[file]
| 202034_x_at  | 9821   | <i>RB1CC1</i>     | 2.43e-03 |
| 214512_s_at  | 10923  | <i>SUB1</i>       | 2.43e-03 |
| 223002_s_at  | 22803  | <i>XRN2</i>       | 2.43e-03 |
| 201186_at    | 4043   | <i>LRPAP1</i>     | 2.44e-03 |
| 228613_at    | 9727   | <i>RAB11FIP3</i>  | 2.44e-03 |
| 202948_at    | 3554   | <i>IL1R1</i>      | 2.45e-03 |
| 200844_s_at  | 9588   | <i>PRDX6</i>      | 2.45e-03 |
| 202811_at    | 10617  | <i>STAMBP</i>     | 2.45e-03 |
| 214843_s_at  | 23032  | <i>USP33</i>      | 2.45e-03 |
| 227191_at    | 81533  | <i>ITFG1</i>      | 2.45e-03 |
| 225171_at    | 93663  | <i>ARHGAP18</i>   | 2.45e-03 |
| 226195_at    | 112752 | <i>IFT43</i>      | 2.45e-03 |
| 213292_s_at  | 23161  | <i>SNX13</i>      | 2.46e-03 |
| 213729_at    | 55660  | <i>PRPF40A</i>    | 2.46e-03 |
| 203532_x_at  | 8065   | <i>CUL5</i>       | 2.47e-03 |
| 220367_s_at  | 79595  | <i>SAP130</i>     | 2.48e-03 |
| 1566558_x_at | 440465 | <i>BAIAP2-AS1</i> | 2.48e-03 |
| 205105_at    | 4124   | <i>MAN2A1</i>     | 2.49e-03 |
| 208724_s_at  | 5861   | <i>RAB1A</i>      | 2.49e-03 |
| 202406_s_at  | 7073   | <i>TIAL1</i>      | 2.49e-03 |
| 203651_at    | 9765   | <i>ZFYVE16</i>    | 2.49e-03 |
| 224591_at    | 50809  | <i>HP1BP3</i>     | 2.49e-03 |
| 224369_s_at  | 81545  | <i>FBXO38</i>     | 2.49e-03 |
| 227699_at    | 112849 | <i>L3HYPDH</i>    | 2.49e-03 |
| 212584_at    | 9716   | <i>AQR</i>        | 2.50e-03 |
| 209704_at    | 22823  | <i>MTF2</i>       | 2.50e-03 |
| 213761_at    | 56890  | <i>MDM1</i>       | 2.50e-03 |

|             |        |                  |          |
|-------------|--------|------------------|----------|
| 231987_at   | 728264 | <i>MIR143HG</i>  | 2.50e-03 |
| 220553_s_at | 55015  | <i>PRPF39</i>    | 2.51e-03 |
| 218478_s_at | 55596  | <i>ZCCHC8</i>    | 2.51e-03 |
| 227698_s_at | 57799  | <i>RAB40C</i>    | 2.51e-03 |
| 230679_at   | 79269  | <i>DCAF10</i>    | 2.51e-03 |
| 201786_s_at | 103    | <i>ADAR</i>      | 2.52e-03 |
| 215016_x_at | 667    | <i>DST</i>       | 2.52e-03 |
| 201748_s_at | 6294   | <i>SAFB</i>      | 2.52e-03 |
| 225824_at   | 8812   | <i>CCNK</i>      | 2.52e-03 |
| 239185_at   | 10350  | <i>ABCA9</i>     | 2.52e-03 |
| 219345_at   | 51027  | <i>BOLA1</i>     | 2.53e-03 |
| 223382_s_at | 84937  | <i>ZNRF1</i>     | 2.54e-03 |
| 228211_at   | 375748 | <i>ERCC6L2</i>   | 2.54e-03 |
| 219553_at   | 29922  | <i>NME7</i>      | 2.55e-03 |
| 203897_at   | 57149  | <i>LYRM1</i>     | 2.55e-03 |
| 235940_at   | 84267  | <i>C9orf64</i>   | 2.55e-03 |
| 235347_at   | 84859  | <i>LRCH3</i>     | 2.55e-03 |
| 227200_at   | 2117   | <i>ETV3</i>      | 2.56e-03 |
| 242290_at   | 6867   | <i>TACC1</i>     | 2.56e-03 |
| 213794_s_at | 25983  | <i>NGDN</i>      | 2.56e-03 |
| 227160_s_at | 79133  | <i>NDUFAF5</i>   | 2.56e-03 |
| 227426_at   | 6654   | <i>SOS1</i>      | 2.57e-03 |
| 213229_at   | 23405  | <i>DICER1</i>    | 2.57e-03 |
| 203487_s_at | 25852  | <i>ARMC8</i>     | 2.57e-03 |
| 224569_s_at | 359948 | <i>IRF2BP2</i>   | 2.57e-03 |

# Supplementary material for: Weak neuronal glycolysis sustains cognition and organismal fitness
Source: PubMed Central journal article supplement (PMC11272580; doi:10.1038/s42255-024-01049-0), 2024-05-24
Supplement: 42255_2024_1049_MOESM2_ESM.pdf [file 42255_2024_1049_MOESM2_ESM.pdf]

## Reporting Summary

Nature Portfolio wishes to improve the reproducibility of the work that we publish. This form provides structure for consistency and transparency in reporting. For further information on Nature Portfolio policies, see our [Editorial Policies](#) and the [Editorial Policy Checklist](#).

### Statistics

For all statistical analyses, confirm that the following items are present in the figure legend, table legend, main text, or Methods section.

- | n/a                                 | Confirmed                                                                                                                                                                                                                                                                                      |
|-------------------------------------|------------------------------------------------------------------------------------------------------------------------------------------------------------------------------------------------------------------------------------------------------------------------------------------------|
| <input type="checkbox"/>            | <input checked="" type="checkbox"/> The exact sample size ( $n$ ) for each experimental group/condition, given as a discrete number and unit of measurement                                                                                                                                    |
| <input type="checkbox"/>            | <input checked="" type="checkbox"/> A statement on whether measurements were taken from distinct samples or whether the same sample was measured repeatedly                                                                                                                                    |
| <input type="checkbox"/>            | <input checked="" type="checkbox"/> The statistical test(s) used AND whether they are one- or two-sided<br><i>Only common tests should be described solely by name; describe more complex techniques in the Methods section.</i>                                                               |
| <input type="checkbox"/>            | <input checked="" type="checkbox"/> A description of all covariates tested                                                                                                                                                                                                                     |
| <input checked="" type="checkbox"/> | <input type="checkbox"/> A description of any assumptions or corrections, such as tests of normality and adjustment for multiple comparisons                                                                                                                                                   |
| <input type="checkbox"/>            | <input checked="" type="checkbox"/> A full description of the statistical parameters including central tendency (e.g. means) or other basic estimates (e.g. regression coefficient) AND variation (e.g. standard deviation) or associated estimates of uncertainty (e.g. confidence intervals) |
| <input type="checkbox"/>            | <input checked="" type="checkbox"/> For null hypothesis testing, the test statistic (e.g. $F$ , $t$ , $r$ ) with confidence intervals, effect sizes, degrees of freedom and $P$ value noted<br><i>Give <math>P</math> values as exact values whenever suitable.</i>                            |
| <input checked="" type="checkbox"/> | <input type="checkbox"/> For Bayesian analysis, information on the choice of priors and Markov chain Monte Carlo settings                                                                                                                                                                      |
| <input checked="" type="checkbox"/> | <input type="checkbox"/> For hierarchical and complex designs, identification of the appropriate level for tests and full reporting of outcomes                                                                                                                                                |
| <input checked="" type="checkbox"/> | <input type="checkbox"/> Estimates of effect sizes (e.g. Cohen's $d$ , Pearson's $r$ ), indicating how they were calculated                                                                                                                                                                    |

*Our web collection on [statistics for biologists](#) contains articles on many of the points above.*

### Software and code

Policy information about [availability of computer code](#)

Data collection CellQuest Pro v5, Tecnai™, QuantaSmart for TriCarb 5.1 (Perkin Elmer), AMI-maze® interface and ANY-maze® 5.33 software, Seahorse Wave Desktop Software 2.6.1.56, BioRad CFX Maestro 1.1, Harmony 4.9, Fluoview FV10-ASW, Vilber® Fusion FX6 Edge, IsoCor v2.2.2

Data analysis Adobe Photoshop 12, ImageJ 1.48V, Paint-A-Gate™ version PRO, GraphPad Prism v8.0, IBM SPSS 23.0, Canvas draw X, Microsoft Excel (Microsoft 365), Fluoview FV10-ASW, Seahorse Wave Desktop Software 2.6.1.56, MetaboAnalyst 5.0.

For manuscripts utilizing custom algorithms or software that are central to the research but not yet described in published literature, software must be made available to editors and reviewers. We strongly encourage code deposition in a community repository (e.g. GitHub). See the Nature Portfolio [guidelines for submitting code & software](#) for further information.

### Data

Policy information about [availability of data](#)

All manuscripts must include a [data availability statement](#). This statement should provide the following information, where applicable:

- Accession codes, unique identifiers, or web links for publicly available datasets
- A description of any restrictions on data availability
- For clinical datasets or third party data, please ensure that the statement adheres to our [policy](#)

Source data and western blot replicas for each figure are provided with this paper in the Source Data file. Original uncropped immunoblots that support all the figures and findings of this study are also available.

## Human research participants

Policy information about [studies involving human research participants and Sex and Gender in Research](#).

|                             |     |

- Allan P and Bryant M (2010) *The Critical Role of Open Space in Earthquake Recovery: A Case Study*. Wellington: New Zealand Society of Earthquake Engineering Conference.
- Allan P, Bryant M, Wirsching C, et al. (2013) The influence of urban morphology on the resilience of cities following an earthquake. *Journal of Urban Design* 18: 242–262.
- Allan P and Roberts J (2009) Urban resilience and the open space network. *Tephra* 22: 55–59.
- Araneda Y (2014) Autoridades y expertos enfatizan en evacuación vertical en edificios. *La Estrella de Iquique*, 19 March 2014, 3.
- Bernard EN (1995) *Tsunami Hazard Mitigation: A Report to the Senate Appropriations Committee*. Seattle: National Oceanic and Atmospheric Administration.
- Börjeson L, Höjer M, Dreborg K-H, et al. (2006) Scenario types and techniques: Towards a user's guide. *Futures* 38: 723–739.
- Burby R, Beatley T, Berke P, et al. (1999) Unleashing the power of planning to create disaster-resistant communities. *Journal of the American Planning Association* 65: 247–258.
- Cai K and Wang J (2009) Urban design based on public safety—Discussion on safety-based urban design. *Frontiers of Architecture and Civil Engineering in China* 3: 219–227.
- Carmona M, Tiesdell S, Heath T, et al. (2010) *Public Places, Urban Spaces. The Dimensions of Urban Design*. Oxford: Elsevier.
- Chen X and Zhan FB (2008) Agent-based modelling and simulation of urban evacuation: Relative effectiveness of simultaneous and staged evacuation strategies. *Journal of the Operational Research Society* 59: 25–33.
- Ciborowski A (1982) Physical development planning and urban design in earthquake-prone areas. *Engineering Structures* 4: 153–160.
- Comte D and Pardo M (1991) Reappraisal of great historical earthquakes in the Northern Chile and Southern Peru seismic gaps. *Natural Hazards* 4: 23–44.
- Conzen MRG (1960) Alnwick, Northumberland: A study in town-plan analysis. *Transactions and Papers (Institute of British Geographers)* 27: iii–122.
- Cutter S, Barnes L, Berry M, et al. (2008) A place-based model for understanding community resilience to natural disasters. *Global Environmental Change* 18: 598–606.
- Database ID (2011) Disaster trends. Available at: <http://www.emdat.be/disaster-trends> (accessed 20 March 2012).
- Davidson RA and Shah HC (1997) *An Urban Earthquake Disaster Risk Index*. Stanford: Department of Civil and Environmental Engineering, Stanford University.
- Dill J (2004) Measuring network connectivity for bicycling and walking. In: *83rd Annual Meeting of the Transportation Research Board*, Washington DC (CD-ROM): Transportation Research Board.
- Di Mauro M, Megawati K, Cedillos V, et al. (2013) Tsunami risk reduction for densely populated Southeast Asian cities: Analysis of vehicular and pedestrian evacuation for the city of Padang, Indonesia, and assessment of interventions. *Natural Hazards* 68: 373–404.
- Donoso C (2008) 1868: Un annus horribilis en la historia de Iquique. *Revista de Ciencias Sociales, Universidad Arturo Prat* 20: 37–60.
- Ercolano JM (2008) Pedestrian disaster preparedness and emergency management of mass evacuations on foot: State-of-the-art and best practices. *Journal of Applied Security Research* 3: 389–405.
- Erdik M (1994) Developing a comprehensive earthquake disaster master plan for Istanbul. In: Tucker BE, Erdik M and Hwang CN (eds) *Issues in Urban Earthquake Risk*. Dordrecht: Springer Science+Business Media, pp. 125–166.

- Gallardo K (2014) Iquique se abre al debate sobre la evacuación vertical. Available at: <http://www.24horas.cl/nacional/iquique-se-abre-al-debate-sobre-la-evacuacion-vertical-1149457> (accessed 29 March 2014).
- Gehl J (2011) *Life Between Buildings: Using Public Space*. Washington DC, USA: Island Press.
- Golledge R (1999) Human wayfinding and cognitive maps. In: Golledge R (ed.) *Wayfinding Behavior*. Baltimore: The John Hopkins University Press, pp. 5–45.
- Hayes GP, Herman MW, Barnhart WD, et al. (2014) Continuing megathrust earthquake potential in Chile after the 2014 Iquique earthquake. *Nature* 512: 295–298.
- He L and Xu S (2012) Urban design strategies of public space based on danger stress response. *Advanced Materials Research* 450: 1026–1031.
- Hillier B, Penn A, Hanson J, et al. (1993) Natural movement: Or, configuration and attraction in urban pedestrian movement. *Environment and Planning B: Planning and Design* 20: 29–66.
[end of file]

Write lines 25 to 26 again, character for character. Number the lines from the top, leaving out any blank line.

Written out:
| 212584_at    | 9716   | <i>AQR</i>        | 2.50e-03 |
| 209704_at    | 22823  | <i>MTF2</i>       | 2.50e-03 |